Just in case you hadn’t noticed, the U.S. Supreme Court has released a flurry of momentous decisions in the last few days covering everything from lethal injection methods to the environment.

The two which drew the most attention were, of course, the rulings which saved the Affordable Care Act, and found that same sex couples have the right to marry everywhere in America.

But the court made another tremendous ruling yesterday that, in effect, said we can take back representative democracy in this state if we want to.

flickr/jmarty / http://michrad.io/1LXrdJM

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Silicon Valley churns out apps to “change the world,” but whose world are they really changing? How do we know if these new technologies are going to work in a city like Detroit, for example?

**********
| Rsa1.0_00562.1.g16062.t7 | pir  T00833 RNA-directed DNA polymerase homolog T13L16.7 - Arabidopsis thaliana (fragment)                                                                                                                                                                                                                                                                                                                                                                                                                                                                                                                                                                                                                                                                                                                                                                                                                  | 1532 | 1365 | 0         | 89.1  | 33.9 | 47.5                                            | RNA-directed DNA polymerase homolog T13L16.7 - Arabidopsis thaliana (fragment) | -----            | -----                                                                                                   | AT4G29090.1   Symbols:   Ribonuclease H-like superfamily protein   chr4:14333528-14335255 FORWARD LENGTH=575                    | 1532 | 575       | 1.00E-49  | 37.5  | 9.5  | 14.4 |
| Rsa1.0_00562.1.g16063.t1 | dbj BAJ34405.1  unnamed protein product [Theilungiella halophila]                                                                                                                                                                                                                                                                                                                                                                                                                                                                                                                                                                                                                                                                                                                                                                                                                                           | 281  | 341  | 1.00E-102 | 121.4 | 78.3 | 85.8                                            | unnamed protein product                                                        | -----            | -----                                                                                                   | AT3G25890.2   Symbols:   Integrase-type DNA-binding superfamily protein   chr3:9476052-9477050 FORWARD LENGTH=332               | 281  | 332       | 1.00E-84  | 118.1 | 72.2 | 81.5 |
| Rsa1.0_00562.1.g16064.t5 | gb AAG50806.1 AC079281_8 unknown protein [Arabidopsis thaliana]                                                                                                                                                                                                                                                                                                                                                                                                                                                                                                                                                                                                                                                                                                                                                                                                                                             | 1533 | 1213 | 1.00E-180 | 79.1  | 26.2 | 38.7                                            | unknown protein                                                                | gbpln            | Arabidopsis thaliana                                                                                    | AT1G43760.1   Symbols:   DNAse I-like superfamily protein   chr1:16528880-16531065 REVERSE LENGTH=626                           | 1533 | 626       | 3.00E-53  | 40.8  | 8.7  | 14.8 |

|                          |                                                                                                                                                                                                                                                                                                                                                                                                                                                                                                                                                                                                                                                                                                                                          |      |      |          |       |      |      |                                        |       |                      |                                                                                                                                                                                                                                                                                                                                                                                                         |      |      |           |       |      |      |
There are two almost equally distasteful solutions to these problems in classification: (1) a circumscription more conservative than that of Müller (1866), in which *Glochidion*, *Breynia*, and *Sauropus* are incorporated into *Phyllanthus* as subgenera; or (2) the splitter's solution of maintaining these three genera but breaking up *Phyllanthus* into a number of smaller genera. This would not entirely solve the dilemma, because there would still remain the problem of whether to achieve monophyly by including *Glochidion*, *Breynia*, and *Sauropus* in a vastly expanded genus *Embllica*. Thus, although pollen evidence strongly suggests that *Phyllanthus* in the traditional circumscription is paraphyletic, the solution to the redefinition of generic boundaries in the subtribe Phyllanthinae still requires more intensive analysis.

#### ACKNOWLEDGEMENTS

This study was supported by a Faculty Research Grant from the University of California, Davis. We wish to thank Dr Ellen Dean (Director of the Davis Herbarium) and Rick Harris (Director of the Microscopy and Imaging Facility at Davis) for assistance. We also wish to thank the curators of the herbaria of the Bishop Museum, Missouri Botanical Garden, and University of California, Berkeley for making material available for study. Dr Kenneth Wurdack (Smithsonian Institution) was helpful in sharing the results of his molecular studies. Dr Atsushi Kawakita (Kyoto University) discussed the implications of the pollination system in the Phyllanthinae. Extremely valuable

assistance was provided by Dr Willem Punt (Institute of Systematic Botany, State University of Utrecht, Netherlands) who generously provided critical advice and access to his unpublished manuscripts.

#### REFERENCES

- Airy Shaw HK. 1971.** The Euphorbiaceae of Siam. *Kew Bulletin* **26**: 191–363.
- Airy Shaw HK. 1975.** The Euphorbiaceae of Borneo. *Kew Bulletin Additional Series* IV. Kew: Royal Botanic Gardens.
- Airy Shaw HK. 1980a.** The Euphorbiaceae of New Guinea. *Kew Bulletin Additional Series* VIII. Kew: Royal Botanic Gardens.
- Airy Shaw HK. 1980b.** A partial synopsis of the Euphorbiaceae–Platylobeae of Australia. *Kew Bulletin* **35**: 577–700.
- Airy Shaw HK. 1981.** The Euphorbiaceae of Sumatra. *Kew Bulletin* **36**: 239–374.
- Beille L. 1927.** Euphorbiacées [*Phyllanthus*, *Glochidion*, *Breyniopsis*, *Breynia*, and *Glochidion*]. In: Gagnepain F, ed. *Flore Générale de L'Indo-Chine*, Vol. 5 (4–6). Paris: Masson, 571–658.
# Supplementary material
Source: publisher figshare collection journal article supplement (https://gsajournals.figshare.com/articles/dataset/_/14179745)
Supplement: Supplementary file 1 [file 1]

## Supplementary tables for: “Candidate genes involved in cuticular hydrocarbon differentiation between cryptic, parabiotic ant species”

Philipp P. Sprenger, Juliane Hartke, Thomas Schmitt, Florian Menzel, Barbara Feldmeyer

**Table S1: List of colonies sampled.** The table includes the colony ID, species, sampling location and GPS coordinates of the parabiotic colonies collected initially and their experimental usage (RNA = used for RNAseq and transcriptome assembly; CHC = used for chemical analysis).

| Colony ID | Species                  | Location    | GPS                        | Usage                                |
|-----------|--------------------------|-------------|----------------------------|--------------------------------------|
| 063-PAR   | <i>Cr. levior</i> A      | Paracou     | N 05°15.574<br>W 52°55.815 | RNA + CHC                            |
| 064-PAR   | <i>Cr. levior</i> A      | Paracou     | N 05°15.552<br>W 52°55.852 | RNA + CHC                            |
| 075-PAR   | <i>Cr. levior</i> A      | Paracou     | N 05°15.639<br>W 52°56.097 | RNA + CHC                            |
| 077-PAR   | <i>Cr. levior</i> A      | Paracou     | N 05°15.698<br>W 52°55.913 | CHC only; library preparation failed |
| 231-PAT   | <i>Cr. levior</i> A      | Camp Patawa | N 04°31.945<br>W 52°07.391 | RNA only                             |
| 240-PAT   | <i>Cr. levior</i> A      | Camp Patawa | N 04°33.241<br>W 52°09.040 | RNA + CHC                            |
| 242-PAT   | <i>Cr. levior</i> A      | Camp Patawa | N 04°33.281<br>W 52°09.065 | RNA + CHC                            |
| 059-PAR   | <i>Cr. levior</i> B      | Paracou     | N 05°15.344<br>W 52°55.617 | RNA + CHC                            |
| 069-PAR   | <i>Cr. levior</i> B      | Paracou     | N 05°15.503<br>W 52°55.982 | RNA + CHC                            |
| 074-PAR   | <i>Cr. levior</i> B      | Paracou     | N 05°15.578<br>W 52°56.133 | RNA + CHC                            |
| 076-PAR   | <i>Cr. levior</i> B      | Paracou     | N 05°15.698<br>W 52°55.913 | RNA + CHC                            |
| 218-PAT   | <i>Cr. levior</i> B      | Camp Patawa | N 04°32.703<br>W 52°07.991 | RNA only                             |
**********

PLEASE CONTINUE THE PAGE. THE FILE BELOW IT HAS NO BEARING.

All across America, digital innovations have proliferated in the last four decades, but poverty rates haven’t budged, and inequality has skyrocketed.     

On the day the U.S. Supreme Court made same-sex marriage legal everywhere in the nation, I was in the town of Ironwood, which is both in Michigan and in another world.

Ironwood is more than six hundred miles from Detroit. It is so far west that it is one of a handful of Michigan communities on Central, not Eastern Time.

There must be Republican strategists who are secretly relieved and happy that the U.S. Supreme Court upheld the subsidies that help millions buy health insurance.

Had they ruled the other way, not only would millions of people have lost coverage, but it would have caused immense problems for a private health insurance market that has changed the way it does business to comply with the Affordable Care Act, usually known as Obamacare. Opponents were hoping the high court would invalidate the subsidies based largely on semantics.